The BankRI Galleries present:
BankRI Gallery, Turks Head Building : “Art in Transition – The Culture of Graffiti in Providence: Photographs by Linda Handel,” April 1 through April 31, 2015. For more information, contact www.bankri.com or call 456-5015, ext 1330.
MEET THE ARTIST – LINDA HANDEL
Photographer and psychologist Linda Handel grew up on a thousand-acre farm at the end of a long, dusty dirt road near Hightstown, New Jersey. She watched as her father cultivated the crops – potatoes, wheat, soy and rye – and she collected eggs from the chickens in the early morning. It was an isolated life for an only child, but she entertained herself, often playing a creative game of one-person Monopoly.
When she was 8 or 9 years old, her father gave her a Brownie camera and the two of them would go out into the fields to photograph. “It was wonderful,” Handel says. “I felt like I found my space when I got a camera.”
Her parents divorced when she was 14, and she and her mother moved to New Brunswick, New Jersey. The urban setting, so different from the isolation of the farm, gave her a new world of experiences to absorb. When it was time for college, her uncles, convinced they knew best, escorted her to Glassboro State College, a school primarily devoted to teaching. After graduation, Handel taught elementary school in inner city Philadelphia for three years.
It was the 50s, a time when civil rights and political activism was growing. Handel was unhappy as a teacher and energized by the political environment. She began to study psychology and cognitive behavioral therapy at Princeton and Temple University with the goal of becoming a psychologist. While in college, she had put the camera aside, but in the 60s a friend from Vietnam sent her a side view camera and soon, the camera again became an integral part of her life.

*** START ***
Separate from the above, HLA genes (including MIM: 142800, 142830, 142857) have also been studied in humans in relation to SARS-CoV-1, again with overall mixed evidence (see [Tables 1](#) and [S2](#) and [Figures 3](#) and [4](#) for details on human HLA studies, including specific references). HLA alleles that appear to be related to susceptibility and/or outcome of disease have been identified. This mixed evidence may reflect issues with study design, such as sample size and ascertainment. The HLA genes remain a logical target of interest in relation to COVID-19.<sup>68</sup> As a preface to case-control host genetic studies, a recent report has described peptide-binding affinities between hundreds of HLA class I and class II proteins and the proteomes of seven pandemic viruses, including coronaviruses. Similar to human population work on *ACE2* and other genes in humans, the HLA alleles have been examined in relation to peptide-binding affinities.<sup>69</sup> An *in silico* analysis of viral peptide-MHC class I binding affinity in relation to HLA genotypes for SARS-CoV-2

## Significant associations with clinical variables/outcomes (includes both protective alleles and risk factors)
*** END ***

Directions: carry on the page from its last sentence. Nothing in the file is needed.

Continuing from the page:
Handel’s photographs reflect her dual interest in man-made settings and the natural world. “I love taking pictures of pastoral settings,” Handel explains, “but I am also attracted to what is the inside of a city, what is its secret.”
She is now a (mostly) retired psychologist devoting all her time to photography. Essentially self-taught, Handel has acquired her knowledge from reading and looking. Her interest in printing photographs on metal began 5 years ago, when she started looking at mixed media artwork. She explored substrates and transfers buying metal sheets from Home Depot and transferring her photographs onto them, a DIY project that didn’t quite work out the way she hoped.
“They were small,” Handel explains. “I wanted something bigger.” Handel found Blazing Editions, a fine art printing service based in East Greenwich. She worked closely with staff there to achieve the results she hoped for. “When I picked up my first pieces, I cried,” Handel recalls.
The photographs themselves are images of a city in transition. Scenes of graffiti covered buildings, often mid demolition, convey an odd sense of power in decay. You are a voyeur watching history being dismantled. The building, the graffiti on the building, and the history of the building are vanishing before your eyes. And yet, this is a city, progressing into the future, building on top of the past. Handel’s photographs convey this sense of transition.
Other photographs focus on the graffiti itself. Handel has made friends with some of the graffiti artists, especially one in particular. The young man gets permission from building owners to write. Handel photographs his work.
“Curious defines me,” Handel says. “I’m curious about everything. I don’t get bored. There is always something to do and always something to photograph.”
The BankRI Galleries are curated by Paula Martiesian, a Providence-based artist and arts advocate.
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